Saturday, January 12, 2013

Dungeon World Is That Girl I Never Got the Nerve to Ask Out in High School

I read about a lot of people, including people that I have personally gamed with (and as such, trust their gaming instincts), that were really excited about Dungeon World.  When it came out at RPGNow, I picked it up right away.  I still haven't finished the book.  It's not a slam on the book, but it is something I can't quite put my finger on.



When I initially mentioned some of my concerns with the book, I was met with a lot of responses that indicated that it doesn't play like a typical RPG, so it might not be easy to fully grasp.  I don't think that is the whole thing here.

If you are reading this, and a Dungeon World type person, feel free to correct me, but the crux of the game is that there is no initiative system, and you present the players with situations, the players tell you what they are doing, if that thing they are doing seems like it would be a good thing to dramatically determine based on stats and a die roll, you do so, and most of your actions as a GM are determined in response to PC actions after you see how they react to what you have presented them, rather than proactively doing things yourself, to the point that you don't even really roll dice that often as a GM, you just present the situation and introduce what mechanics are used to resolve what the players do in response to the situation that you have presented.

So if I'm wrong on all of that, or any of that, I'll be happy to be corrected.  I think I'm picking up on the main body of how this is suppose to work.  What I think is throwing me is the amount of effort used in the rulebook to reassure me that this isn't like other RPGs, and to avoid actually using rules terminology most of the time, while still obliquely referencing those same rules that are eventually presented.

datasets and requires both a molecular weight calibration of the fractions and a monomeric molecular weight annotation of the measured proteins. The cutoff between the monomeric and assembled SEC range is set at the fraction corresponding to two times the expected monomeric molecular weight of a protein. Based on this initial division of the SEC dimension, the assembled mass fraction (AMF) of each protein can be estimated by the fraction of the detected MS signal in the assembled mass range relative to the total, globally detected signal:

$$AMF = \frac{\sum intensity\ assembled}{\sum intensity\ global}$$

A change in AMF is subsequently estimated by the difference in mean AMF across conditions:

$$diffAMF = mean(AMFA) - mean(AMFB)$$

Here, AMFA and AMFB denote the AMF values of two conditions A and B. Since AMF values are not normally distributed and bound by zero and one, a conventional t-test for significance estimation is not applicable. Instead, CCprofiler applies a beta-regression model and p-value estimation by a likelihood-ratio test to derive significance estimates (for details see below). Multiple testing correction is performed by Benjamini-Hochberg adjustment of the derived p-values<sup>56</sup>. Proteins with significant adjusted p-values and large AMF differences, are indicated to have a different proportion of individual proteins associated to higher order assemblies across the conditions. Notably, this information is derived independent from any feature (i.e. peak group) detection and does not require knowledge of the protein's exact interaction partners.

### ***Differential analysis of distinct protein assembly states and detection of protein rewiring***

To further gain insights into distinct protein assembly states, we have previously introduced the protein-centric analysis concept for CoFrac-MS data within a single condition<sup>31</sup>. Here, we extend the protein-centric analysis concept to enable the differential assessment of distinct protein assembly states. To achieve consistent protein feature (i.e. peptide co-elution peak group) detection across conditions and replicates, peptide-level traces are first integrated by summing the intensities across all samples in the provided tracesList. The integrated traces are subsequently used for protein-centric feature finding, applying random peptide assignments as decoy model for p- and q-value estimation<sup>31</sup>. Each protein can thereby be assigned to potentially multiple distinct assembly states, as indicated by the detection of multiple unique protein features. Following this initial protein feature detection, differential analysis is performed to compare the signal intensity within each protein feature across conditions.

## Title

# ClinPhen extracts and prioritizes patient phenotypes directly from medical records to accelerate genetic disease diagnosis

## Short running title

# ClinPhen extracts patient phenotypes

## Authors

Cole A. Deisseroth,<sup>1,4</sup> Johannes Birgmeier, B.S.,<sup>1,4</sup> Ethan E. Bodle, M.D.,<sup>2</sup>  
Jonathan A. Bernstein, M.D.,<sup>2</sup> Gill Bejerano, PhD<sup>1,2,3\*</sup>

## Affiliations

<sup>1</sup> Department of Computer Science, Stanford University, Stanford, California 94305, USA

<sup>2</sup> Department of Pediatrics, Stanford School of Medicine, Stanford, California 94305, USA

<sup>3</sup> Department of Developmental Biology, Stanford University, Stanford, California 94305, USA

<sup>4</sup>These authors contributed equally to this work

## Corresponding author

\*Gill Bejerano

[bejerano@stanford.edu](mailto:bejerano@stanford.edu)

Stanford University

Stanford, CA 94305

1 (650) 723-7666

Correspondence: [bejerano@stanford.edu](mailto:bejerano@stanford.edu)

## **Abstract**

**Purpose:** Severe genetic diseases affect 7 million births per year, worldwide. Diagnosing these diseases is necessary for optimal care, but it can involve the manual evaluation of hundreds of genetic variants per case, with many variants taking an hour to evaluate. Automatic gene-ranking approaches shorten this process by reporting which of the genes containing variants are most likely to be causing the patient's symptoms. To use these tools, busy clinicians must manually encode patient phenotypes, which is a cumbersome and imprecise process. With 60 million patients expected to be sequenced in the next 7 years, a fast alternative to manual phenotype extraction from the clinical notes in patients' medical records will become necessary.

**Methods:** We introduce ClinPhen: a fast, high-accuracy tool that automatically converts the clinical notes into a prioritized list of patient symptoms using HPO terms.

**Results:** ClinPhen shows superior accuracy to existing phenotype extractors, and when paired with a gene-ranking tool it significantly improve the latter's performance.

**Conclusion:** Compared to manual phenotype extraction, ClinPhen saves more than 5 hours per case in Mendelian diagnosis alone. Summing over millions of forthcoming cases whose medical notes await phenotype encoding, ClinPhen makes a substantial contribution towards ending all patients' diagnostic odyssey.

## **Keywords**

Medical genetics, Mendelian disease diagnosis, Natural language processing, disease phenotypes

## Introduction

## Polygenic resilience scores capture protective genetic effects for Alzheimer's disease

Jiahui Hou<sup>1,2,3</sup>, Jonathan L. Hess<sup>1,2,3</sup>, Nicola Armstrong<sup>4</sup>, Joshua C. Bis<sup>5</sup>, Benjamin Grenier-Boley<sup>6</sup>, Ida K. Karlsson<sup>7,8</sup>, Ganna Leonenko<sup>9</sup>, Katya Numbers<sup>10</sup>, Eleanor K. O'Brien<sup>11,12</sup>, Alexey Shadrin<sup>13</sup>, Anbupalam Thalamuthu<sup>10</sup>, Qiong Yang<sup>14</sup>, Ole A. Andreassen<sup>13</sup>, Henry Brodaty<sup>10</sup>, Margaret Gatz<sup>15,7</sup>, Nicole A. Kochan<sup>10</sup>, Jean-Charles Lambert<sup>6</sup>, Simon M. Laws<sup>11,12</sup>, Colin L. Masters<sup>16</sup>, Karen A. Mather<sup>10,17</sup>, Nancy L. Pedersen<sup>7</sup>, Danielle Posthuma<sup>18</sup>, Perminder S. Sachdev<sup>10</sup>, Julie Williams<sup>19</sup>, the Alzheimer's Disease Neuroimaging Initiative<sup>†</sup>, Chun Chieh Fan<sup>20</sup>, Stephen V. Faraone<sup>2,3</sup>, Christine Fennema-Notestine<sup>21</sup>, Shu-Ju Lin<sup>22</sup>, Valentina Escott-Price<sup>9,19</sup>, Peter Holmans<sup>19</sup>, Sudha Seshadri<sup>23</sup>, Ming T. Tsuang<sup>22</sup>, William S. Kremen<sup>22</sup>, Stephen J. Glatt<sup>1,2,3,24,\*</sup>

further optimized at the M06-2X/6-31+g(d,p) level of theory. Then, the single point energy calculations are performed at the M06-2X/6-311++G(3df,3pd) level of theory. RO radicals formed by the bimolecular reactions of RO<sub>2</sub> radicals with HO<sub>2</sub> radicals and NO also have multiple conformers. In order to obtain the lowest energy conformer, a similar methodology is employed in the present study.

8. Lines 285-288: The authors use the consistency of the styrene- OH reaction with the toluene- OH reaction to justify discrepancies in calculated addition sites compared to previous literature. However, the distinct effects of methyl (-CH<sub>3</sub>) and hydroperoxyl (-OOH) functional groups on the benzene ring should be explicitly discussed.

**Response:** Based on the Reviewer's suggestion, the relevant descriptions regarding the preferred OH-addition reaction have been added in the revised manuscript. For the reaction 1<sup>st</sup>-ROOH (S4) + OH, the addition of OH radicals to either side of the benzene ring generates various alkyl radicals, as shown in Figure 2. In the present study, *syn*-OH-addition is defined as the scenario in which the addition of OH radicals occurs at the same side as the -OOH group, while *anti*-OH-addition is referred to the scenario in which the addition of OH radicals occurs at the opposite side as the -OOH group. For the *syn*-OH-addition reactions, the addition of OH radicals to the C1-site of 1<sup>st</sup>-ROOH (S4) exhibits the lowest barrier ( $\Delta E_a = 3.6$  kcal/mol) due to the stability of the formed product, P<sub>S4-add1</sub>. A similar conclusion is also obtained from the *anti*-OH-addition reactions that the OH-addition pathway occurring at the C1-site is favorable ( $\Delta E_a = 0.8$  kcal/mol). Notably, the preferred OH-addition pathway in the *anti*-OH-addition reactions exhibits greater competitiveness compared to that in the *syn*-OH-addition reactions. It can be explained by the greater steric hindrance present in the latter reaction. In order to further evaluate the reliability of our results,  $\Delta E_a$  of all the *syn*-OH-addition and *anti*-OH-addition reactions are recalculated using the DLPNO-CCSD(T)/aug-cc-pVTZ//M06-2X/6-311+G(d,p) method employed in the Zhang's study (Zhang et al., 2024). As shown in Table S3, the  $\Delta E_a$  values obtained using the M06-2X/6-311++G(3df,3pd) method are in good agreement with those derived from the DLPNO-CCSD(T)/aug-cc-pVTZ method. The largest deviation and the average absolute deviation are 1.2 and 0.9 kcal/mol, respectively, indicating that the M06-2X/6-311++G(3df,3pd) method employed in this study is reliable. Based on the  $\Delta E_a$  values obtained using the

I think I just keep getting lost in the part of the book where it discusses theory and storytelling after the design goals have already been established.  I guess what I'm saying is, you can write an introduction that explains how this is suppose to work the plays down the rules.  You can write a section in the GM's section that reinforces this.  You can have a section in the players section that touches on this.  But having this same theme, in a kind of unstructured way, weave its way through the whole book, just makes me feel like either I'm missing something, because sometimes words that get repeated a lot in an RPG book have been appropriated as having a rules defined context.

As an example, while there are some rules that squeak by as being less explained or highlighted than they should be, Marvel Heroic is a game system that doesn't work like a lot of game systems out there, especially other supers games.  However, the way the book presents the rules, I get the feeling that I understand the basics, and I'm not missing out on the core experience if I happened to have missed one little rule or didn't quite do things as intended.  The rules sections clearly explain that since this is a game, it has rules, and here is how they work, and there isn't a constant reference to how different the game experience is or digressions into how to tell stories above and beyond any rules that are being presented.

But I don't think all of my issues are just with the rulebook.  I think part of my issues come from reading what other people post about the game.  I think that has colored my perception of things a bit, and that's part of why I don't want to be too critical of the book itself.  There are things that I didn't get as part of the "core experience" from my reading that appear to be such from discussions that I've seen.

For example, I know that the PCs are the focus of the story, but I keep seeing it hammered home that the PC is "the" Fighter or "the" Wizard, and there may not be anyone else that can do what they do ever anywhere.